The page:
Peru is the fourth largest rainforest country in the world, and its Amazon forests are one of the most biodiverse areas of the world. Half of Peru’s land base is classified as forest, the vast majority of which is in the Amazon basin. Deforestation in Peru has traditionally been very low, 0.2-0.4 % annually, largely due to difficulty of access. Traditionally, most forest activity has been selective logging, which normally does not get recorded as deforestation. Logging is concentrated in the Ucayali region, near the river port of Pucallpa, and increasingly along the newly completed inter-oceanic highway linking Brazil with southern Peru in the state of Madre de Dios.
Most forestland in the Peruvian Amazon is held by the state or occupied by indigenous peoples. Peru reformed its forest governance in 2000-2001 with changes in regulation and the introduction of long term logging concessions in an attempt to promote sustainable forest management. Although delayed considerably, this concession system has eventually granted large areas, approximately 7 million hectares by 2011. While concession law favors local landholders, many argue that the system is corrupt and dominated by large timber companies who simply “enable” locals through a patronage system. Peruvian forest policy was further reformed in 2008-2010 following the introduction of a free trade treaty with the United States, where the US specifically required improvements for assurance of legal forest trade. However, in adapting Peruvian law to the free trade treaty, several executive decrees created loopholes to convert forest land into agricultural land via reclassification of land use. This action was widely opposed by national indigenous groups, resulting in protests, roadblocks, and a violent standoff in the region of Bagua, Amazonas in 2009. Following this, controversial sections of the forest regulations were suspended and a multi stakeholder dialogue was initiated, including indigenous groups and NGOs. The dialogue closed in 2011, but lack of legal clarity and poor enforcement make the implications of new regulations on illegal logging unclear. Peru is still often the subject of reports of massive illegal logging and corruption. In 2012, the Environmental Intelligence Agency, a non-profit reporting agency, completed an investigative report of illegal logging activity in the Peruvian Amazon. These reports claim widespread illegal timber trade and corruption in forest logging concessions; as much of 80% of the timber trade leaving the country is estimated to be illegal.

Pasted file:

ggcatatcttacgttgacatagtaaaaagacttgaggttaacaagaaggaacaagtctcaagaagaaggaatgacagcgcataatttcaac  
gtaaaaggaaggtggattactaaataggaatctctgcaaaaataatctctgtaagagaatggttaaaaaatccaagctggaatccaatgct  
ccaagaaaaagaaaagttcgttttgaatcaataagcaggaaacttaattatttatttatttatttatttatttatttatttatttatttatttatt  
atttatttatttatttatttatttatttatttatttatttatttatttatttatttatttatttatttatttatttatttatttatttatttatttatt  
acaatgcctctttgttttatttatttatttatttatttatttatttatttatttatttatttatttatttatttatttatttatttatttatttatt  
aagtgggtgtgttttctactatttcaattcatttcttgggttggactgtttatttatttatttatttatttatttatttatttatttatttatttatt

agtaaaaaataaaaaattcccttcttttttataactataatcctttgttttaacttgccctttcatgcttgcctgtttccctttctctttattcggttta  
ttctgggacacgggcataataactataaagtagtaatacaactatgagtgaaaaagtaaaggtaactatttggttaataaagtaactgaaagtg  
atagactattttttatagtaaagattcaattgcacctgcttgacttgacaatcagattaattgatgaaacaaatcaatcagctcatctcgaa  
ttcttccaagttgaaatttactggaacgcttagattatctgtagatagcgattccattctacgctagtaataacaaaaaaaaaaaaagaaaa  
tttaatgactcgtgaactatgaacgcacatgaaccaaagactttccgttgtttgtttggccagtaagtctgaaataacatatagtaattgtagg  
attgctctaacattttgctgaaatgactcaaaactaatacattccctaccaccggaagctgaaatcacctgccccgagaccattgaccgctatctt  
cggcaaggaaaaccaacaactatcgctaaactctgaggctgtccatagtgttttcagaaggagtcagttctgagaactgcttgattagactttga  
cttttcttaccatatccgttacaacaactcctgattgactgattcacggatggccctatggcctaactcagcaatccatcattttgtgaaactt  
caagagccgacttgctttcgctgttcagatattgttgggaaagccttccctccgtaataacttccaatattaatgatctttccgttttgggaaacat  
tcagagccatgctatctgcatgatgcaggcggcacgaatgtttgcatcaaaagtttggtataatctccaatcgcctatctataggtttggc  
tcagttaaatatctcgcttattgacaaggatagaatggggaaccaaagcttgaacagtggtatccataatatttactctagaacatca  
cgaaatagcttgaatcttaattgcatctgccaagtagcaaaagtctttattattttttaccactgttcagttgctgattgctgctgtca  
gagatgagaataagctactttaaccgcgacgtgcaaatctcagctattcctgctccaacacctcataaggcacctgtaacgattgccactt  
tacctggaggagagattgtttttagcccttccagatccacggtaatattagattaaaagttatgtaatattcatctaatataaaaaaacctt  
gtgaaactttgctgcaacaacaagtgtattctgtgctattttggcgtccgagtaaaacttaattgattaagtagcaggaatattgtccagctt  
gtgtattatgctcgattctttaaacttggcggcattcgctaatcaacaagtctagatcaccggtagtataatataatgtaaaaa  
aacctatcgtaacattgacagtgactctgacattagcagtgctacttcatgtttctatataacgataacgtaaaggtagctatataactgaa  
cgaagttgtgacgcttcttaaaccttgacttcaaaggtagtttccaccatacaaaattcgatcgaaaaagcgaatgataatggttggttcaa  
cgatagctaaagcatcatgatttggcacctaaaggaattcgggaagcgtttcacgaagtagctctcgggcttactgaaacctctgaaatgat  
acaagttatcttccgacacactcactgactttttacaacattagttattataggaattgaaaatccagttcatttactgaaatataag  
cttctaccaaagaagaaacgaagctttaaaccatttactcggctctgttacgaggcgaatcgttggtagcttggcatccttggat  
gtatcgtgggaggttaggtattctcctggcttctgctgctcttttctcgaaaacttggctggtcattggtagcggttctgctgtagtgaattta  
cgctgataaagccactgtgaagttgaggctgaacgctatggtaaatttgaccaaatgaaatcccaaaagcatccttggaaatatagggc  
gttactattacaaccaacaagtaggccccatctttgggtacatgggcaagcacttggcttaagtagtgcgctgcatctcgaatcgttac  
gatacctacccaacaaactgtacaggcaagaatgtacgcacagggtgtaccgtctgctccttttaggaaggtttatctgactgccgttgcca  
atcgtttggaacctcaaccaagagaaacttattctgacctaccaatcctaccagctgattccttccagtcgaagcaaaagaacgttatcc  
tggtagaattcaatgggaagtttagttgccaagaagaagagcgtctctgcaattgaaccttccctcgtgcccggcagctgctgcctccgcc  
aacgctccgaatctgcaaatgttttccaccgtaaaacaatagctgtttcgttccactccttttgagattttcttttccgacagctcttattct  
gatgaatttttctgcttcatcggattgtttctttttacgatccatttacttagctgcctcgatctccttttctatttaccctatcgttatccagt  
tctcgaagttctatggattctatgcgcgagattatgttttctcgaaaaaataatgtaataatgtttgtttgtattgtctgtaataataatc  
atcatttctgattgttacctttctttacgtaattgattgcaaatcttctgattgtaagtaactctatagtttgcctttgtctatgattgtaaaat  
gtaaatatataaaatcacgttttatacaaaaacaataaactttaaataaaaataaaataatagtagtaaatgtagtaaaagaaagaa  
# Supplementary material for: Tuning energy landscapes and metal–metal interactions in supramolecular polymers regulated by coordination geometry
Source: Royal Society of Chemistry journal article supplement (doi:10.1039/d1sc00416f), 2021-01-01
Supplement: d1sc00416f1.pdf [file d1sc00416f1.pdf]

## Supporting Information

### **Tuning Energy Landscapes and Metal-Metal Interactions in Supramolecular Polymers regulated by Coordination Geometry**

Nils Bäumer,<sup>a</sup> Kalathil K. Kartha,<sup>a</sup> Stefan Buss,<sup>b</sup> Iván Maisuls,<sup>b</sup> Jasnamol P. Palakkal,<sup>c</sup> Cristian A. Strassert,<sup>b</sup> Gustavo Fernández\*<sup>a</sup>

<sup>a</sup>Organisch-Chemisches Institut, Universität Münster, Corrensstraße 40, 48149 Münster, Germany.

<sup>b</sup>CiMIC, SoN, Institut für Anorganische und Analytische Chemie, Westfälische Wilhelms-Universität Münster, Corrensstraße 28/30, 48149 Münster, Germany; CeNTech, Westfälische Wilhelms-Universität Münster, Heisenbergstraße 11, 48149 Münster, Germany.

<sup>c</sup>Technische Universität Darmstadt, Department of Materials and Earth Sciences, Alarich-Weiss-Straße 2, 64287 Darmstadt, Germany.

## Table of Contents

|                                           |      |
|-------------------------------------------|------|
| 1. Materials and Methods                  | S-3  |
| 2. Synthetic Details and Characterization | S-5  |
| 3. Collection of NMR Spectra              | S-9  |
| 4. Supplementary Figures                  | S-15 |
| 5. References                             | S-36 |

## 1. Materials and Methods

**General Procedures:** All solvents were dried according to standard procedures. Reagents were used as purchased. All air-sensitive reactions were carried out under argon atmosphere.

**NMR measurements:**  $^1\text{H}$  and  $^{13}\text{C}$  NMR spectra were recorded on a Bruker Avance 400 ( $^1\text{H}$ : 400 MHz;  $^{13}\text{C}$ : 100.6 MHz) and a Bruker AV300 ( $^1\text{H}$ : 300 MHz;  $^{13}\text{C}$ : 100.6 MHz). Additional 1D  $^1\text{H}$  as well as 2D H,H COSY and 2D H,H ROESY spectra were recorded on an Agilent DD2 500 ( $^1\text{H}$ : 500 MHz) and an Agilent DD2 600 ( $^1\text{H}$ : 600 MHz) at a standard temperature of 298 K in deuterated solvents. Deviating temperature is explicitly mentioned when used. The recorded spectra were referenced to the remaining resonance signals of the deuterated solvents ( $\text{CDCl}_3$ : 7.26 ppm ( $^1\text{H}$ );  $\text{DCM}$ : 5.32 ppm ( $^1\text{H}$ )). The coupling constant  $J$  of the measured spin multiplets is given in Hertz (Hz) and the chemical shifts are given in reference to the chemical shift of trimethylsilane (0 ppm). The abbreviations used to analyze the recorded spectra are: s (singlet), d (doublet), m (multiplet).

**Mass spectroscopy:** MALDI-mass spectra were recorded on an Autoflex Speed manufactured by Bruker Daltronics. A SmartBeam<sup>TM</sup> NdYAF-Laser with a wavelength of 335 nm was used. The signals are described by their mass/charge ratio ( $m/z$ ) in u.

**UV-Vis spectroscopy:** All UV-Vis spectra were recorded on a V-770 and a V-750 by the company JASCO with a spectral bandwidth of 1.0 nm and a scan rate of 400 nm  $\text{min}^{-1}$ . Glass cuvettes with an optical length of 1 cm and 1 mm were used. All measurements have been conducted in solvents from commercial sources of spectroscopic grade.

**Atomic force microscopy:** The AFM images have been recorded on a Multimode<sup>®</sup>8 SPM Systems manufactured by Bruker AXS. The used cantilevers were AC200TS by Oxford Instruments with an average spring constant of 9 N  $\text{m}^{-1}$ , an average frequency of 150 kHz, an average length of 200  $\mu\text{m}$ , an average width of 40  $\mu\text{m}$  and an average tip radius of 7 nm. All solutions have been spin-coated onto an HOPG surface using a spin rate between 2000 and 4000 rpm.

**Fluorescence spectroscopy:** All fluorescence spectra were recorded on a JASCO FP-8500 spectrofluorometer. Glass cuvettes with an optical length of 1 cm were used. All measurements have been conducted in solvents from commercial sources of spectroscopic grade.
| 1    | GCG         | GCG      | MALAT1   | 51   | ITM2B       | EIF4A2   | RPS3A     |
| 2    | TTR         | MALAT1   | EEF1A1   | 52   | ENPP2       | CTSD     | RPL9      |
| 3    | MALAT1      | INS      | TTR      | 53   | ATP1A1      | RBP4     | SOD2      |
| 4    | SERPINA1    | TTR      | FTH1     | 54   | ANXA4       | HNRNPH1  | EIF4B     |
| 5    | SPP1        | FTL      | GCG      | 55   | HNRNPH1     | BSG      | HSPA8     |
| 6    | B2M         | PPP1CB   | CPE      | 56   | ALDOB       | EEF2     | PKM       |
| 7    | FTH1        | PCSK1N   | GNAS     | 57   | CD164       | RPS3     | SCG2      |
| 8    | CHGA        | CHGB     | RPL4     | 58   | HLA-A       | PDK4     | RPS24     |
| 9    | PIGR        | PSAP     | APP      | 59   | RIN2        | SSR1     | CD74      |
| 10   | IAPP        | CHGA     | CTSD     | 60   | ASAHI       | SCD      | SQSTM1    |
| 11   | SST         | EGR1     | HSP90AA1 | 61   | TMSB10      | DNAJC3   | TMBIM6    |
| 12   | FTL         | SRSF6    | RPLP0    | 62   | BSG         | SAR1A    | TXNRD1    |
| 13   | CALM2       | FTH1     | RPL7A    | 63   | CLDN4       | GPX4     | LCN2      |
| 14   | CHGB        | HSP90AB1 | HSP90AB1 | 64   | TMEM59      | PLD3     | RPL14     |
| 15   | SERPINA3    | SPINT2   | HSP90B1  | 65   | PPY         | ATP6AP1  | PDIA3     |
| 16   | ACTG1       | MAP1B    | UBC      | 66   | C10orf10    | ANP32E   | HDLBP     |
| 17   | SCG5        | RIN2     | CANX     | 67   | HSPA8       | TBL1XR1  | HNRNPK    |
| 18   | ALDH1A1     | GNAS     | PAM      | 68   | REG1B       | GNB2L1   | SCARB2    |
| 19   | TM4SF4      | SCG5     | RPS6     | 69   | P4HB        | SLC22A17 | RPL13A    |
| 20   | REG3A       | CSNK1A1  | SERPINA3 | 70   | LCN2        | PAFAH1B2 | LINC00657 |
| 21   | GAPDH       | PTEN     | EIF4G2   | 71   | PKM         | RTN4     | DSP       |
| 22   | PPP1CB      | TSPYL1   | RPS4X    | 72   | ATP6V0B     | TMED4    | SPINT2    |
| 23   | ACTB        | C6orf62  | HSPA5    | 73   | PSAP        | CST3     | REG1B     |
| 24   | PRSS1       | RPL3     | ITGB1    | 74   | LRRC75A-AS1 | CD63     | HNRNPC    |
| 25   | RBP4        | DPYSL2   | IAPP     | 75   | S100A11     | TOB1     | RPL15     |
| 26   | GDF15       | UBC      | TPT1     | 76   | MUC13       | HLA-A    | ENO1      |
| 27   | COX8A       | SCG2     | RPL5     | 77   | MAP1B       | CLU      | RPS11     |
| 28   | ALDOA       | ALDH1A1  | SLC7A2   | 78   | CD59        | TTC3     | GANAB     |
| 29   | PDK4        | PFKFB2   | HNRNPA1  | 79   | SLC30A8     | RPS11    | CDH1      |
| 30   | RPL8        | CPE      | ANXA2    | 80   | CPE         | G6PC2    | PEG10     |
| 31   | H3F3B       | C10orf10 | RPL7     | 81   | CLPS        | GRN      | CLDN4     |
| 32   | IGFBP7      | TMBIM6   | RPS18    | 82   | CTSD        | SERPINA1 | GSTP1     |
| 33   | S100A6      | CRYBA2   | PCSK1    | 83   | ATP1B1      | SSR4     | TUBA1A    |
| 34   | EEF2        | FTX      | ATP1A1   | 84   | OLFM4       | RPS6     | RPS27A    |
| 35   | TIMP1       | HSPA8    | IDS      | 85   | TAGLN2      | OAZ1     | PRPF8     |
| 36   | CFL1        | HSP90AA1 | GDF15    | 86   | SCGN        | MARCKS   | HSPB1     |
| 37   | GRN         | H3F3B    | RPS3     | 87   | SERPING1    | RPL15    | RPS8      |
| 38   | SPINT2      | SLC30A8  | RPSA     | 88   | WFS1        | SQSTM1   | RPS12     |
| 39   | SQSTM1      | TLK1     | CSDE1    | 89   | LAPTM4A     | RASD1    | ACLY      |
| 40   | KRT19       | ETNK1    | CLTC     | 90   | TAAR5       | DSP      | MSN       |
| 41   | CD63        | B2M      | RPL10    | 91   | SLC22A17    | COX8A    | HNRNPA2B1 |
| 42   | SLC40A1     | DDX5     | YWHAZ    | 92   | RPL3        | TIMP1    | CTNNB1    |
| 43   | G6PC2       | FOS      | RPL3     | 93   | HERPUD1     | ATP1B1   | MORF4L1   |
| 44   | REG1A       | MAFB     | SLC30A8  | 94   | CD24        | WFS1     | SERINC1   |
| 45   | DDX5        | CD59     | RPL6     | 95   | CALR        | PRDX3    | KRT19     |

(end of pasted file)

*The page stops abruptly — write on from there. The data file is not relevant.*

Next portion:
In recent years, as Brazilian deforestation has decreased, deforestation has risen in Peru. This rise has likely resulted partially from leakage from neighboring Brazil, as forest enforcement and monitoring in that country has strengthened, in addition to economic development and recently developed infrastructure access in Peru. These factors, combined with high prices for palm oil and weak government enforcement, will continue to encourage forest conversion in the Peruvian Amazon. Palm oil conversion is underway in Madre de Dios as well as remote areas of the northern Peruvian Amazon. Forests in southern Peru have been greatly affected by the recently completed Inter-oceanic highway, connecting Acre, Brazil with Madre de Dios, Peru, and further on to ports on the Pacific (see highways page). Peru’s forests are also threatened by gold mining. Mining in the Amazon region is often practiced informally along rivers at the artisanal level. In this process, miners often dredge river sediment and filter it with mercury, a harmful contaminant. A recent study in Plos One examines impacts of gold mining in the Peruvian Amazon. Road access to mining settlements is also a significant cause of deforestation. At the larger level, oil concessions threaten Peru’s forests; a recent study found that almost half of the Peruvian Amazon is leased to active oil and gas concessions.
Despite promotion of oil, mining, and land use conversion in the Amazon, the Peruvian government has been actively involved in REDD+ negotiations, participates in UN-REDD and the World Bank FCPF, and has numerous projects around the country. Indigenous peoples have been vocal in the development of Peru’s REDD+ proposals, objecting to early drafts with unclear means for stakeholder consultation. Opposition to government proposals and attempted scamming from “carbon cowboys” in 2011 has led indigenous organizations to propose an alternative “indigenous REDD” proposal which rewards indigenous stewardship of Amazon forest with secure land tenure rights. The Forests Dialogue, based at Yale F&ES, holds stakeholder dialogues with forest communities, forest ministries, and other stakeholders in the Peruvian Amazon. Organizations such as CIFOR work in the Peruvian Amazon to support sustainable community forestry operations.
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